The church was dedicated in 1101 by Bernard, chaplain to Henry I, in the presence of Gwethenoc, the founder, and Abbot William of Saumur in Anjou.  The church was rebuilt in 1882, retaining Norman remains and the 14th century tower.

This most unusual gravestone has a "wordsearch" type inscription which reads "Here lies John Renie" in every direction.  Start at the large central "H".

W. Howse was a saddler in Monmouth.

Eleanor was the wife of George Bennett, a pawnbroker, who died in 1826.

Elizabeth Powles was "for Several Years Principal Treble in the Choir of St Mary's Church". 

"Reader only stand and think That I am in Eternity And thou art on the brink."

Belfry Rules

Staunton Parish Church

1863 re-illuminated 1904

1.  The Ringers to be sober well conducted men and regular attendants at Church.

11.  No Ringer to be taken into the company except with the consent of the Rector and Churchwardens.

111.  The Bells are never to be rung to celebrate any political triumph nor any marriages except such as are celebrated at Church.

1V.  The ringing shall always cease at ix p.m. except on Christmas and New-Year's Eves.

V.  Every Ringer shall be present in due time before Morning and Evening Service on Sunday, to chime the Bells, (if required) except when obliged to be absent.

V1.  No idle persons or children shall be allowed in the Church during the Ringing.

V11.  Any money collected to be placed in the hands of one of the company and divided equally at the end of the Year.

V111.  The Ringers should always remember that the Church is the House of God, and carefully avoid all profane language or behaviour.

A careful look at this memorial tablet to the Phillpott family reveals that the inscription appears to have been made on top of an earlier inscription.

This memorial to Joseph Price, born in 1726, and died in 1796, tells that he went to India when young.  In the war with France 1778 he commanded two Forty Gun Ships.  He was afterwards appointed by the East India Company to the Office of Marine Pay Master and Naval Store Keeper.

Robert Bevan was a Physician for more than thirty years to both the poor and the rich.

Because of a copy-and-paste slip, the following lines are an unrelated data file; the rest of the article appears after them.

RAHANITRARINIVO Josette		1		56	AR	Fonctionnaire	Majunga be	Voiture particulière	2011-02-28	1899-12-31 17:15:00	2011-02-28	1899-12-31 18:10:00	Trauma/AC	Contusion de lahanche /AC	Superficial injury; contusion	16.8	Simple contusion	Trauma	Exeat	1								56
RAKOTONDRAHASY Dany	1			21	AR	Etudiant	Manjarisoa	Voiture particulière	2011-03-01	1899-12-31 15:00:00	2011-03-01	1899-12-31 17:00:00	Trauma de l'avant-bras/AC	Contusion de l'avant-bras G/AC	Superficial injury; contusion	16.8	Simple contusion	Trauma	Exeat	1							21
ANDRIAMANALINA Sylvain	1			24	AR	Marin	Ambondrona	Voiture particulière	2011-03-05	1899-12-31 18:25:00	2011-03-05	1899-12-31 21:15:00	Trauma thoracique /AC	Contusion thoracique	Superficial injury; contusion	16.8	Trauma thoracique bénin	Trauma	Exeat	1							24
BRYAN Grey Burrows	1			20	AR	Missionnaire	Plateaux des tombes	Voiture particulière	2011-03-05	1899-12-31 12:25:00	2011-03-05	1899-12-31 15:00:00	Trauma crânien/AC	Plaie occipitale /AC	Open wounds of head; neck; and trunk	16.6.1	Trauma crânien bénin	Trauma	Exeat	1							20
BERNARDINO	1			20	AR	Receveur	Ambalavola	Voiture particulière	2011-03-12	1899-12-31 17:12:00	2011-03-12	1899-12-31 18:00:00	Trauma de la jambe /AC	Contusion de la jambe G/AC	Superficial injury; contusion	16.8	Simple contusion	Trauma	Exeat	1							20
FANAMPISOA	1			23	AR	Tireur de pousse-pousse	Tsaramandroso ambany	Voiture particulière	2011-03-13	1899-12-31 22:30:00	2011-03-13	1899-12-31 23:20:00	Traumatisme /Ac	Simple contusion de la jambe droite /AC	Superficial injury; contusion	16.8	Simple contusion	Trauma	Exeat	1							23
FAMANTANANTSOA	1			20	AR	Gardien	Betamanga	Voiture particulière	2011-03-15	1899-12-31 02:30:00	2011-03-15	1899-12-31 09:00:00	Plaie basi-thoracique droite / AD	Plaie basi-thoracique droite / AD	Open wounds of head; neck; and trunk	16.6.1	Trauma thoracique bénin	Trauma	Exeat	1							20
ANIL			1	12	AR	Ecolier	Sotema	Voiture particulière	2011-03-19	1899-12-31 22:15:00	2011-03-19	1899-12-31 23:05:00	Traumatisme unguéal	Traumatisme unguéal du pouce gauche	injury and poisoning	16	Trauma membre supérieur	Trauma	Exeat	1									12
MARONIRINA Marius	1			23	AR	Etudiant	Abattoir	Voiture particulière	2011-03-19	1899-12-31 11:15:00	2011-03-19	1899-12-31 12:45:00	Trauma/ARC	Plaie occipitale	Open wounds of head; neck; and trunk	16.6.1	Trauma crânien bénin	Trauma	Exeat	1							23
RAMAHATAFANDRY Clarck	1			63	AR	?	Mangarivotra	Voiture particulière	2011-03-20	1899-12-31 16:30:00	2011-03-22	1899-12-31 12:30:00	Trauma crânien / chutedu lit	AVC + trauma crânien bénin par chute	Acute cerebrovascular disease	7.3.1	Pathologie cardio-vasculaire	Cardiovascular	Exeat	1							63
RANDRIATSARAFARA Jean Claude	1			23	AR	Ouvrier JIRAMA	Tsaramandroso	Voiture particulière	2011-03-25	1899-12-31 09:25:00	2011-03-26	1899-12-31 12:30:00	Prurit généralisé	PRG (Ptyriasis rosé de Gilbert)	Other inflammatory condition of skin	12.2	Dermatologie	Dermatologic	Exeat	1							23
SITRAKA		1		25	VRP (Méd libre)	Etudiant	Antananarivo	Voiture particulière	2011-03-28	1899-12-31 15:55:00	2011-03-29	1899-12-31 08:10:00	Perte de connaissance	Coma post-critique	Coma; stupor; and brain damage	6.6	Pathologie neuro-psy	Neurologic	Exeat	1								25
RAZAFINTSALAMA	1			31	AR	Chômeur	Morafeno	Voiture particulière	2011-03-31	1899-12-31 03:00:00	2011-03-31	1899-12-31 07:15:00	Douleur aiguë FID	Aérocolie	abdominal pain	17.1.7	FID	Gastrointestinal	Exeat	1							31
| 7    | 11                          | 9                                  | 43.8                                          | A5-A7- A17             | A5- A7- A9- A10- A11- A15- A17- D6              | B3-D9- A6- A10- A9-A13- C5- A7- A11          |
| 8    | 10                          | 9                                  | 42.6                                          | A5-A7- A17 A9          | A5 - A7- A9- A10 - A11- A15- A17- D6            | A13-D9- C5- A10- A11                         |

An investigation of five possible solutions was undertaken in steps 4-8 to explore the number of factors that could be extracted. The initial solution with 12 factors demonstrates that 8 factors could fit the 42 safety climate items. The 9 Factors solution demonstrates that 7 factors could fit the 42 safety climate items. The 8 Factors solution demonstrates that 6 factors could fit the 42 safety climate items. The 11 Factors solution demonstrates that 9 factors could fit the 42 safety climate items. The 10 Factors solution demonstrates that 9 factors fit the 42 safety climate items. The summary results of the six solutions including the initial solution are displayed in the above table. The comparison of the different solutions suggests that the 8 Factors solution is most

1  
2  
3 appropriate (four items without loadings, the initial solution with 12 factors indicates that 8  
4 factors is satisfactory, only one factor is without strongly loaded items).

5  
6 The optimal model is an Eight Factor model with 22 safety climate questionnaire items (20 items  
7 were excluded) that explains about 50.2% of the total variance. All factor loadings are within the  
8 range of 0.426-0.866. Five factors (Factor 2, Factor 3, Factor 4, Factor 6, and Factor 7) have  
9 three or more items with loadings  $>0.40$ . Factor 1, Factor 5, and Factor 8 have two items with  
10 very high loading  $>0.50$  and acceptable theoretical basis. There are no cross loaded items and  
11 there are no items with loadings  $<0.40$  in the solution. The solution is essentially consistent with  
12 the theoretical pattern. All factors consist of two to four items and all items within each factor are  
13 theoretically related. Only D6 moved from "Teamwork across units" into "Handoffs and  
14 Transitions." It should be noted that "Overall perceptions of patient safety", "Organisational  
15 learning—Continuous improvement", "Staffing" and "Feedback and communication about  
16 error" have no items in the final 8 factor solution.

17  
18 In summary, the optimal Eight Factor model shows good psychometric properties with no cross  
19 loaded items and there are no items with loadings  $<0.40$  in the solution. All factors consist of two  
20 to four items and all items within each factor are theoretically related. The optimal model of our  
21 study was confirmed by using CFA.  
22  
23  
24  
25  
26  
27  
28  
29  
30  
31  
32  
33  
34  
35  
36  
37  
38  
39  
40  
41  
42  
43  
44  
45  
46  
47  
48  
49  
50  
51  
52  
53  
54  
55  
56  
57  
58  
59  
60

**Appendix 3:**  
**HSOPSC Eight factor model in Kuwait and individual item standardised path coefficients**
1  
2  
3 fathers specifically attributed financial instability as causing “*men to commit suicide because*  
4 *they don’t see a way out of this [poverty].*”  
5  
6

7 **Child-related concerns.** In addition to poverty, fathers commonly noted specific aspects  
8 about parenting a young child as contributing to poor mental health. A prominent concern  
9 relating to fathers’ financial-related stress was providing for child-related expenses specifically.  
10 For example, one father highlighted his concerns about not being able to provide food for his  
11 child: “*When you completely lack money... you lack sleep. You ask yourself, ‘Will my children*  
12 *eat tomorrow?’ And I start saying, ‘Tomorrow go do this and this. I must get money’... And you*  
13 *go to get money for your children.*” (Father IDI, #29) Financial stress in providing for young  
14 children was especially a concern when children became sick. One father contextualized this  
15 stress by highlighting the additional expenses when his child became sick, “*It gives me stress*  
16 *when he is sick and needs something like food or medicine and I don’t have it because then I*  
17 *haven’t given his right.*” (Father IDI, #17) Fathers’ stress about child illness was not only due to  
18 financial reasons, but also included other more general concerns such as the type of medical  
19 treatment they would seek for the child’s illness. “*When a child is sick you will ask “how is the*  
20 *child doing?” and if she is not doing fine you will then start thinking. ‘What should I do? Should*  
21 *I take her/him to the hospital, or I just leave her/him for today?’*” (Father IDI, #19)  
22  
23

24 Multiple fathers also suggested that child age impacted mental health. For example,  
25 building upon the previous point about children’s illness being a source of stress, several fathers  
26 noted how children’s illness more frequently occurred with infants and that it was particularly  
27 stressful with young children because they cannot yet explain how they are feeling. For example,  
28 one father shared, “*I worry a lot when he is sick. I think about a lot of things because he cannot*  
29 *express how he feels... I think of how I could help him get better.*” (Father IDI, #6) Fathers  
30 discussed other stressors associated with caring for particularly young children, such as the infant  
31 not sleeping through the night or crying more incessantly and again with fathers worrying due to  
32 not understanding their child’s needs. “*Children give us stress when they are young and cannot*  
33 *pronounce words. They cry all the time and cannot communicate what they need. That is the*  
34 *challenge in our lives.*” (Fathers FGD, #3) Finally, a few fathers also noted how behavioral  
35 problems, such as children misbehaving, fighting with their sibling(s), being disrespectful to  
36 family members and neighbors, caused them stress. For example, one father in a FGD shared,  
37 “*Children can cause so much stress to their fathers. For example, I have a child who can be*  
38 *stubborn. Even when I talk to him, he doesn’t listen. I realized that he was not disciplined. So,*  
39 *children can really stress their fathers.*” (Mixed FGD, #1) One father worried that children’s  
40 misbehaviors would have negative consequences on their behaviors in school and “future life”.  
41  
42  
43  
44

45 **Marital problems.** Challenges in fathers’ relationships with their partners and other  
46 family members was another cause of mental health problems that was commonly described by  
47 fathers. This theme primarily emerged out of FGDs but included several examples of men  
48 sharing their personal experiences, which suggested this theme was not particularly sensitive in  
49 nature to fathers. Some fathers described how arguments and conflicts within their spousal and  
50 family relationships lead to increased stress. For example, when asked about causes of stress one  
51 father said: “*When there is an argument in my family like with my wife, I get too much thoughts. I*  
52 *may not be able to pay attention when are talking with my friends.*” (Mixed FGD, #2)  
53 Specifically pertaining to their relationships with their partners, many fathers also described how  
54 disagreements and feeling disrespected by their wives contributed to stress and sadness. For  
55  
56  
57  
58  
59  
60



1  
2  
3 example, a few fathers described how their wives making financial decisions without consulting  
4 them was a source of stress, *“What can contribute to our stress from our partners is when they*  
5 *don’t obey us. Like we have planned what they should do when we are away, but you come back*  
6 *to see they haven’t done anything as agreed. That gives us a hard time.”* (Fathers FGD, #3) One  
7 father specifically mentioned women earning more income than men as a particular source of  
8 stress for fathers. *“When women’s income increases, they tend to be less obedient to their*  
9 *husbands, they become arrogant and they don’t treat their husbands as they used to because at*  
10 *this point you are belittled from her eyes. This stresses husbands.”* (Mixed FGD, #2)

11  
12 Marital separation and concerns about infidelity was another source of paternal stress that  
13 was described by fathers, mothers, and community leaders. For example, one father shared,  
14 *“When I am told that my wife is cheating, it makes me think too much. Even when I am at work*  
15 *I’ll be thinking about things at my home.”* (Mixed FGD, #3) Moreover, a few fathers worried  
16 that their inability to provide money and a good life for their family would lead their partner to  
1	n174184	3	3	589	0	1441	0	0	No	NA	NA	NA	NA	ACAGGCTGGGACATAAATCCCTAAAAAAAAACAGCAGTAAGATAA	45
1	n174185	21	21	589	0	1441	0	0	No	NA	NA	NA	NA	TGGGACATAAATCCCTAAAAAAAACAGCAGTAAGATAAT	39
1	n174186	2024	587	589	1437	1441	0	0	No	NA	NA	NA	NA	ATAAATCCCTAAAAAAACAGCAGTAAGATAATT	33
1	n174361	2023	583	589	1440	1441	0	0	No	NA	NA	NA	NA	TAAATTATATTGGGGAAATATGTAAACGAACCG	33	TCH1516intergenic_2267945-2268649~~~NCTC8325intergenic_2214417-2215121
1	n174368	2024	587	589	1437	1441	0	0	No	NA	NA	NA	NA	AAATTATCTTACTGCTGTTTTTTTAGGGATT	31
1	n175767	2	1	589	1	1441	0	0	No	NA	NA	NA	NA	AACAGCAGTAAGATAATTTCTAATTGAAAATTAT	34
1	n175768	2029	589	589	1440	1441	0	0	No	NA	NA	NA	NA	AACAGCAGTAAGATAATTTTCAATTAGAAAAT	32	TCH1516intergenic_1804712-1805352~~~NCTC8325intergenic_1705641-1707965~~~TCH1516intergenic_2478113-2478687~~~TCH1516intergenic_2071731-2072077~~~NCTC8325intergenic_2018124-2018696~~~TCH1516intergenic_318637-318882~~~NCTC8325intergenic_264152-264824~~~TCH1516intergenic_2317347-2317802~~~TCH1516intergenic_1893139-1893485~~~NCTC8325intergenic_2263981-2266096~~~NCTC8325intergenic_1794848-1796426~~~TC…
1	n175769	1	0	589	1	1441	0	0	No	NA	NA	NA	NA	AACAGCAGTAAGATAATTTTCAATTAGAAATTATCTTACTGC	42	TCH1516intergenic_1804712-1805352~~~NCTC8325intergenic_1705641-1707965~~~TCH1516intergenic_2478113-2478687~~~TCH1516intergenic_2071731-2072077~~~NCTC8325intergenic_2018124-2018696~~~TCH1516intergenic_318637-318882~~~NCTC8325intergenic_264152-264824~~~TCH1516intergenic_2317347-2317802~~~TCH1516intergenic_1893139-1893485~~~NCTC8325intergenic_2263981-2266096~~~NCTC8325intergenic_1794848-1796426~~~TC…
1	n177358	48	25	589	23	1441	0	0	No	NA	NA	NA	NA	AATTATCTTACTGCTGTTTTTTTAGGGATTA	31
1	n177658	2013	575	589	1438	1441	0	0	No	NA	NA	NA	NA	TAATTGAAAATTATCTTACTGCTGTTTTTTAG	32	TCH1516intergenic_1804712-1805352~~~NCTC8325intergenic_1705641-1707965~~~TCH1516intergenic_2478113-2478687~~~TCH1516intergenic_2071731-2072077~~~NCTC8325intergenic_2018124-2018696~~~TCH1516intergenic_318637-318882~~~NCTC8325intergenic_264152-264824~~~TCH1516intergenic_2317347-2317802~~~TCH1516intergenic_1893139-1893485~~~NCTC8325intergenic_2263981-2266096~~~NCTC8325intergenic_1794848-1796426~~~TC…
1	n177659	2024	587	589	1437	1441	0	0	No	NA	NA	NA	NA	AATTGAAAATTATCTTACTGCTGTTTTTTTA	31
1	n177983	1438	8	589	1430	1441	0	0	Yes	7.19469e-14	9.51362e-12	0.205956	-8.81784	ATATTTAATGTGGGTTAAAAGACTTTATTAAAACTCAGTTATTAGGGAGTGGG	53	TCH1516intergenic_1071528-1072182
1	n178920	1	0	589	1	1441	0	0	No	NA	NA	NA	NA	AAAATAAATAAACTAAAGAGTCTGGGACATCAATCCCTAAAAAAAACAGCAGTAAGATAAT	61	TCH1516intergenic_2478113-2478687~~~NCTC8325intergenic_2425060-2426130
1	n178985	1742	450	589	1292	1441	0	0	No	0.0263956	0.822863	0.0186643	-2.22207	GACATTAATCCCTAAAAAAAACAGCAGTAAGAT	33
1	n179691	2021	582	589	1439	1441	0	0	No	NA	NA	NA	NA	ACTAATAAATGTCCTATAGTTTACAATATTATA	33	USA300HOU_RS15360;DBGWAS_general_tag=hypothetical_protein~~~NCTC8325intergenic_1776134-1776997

Skenfrith, Monmouthshire - St Bridget

The church is medieval in origin, with the earliest parts believed to date from the reign of King John (1166-1216).  It was extended in the fourteenth and again in the sixteenth century, with further restoration in 1896 and again in 1909-10.

Captain Thomas died of burns received in a flying accident in 1918, and this plaque was erected by one of his comrades of the battle of the Somme of 1916.

Aged 100 years.

This tomb is described in the notice shown below.


Vernon Handley, known as "Tod", a conductor, was particularly known for his support of British composers.  He conducted many well known orchestras both in Europe and in the UK.

Unusually, this wall memorial inside the church is made entirely of wood.  It remembers William Bovan who died in 1760, aged 66 years, and Rebecca his wife who died in 1762 aged 67 years.

This young man is remembered with a verse by C. Day Lewis.

Grosmont, Monmouthshire - St Nicholas.

The church was built in the early 1200s, at around the same time as the nearby castle, and the magnificent Norman nave has survived unrestored.  The Early English chancel was reconstructed in the 1870s by John Seddon, who rescued the whole church from a ruinous state. 

We have seen many slightly different versions of this "Physicians were in Vain" verse.

"Missed by Skip".

The sombre verse reminds us of what may befall us all.

A rectangular tomb slab with marginal inscription and effigies of Charles William of Goytre (Mayor of Grosmont and Deputy Steward of Duchy of Lancaster) and his wife Joan Baker, dated 1636.

Monmouth Cemetery, Monmouthshire

The cemetery was quite extensive, on quite hilly ground, neatly mown, and still in use for new burials.

These gravestones are in memory of men of the Royal Monmouthshire Royal Engineers who died in the early 20th century.

Joseph Dance was a Malster in Monmouth.

There is no obvious maritime connection for the inclusion of the lovely anchor and rope on this memorial.

The memorial to John Vaughan was erected by his comrades in No. 1 Company, R.M.R.E.(M)

Sgt. Charlesworth, Permanent Staff, R.M.R.E.

Died from injuries received at Bridgewater Station on May 3rd, 1892, aged 38 years.

Two sons, William and Sidney were killed in action in WWI, Bertie drowned at Symonds Yat aged 9 years, and three sons and a daughter died as babies and toddlers.

Aged 108 years.

A missionary in Bolivia for 29 years.

The signature of F.J. Hayes has been used on the gravestone.

John Gordon was born in the U.S.A. and was attendant of this cemetery for 25 years.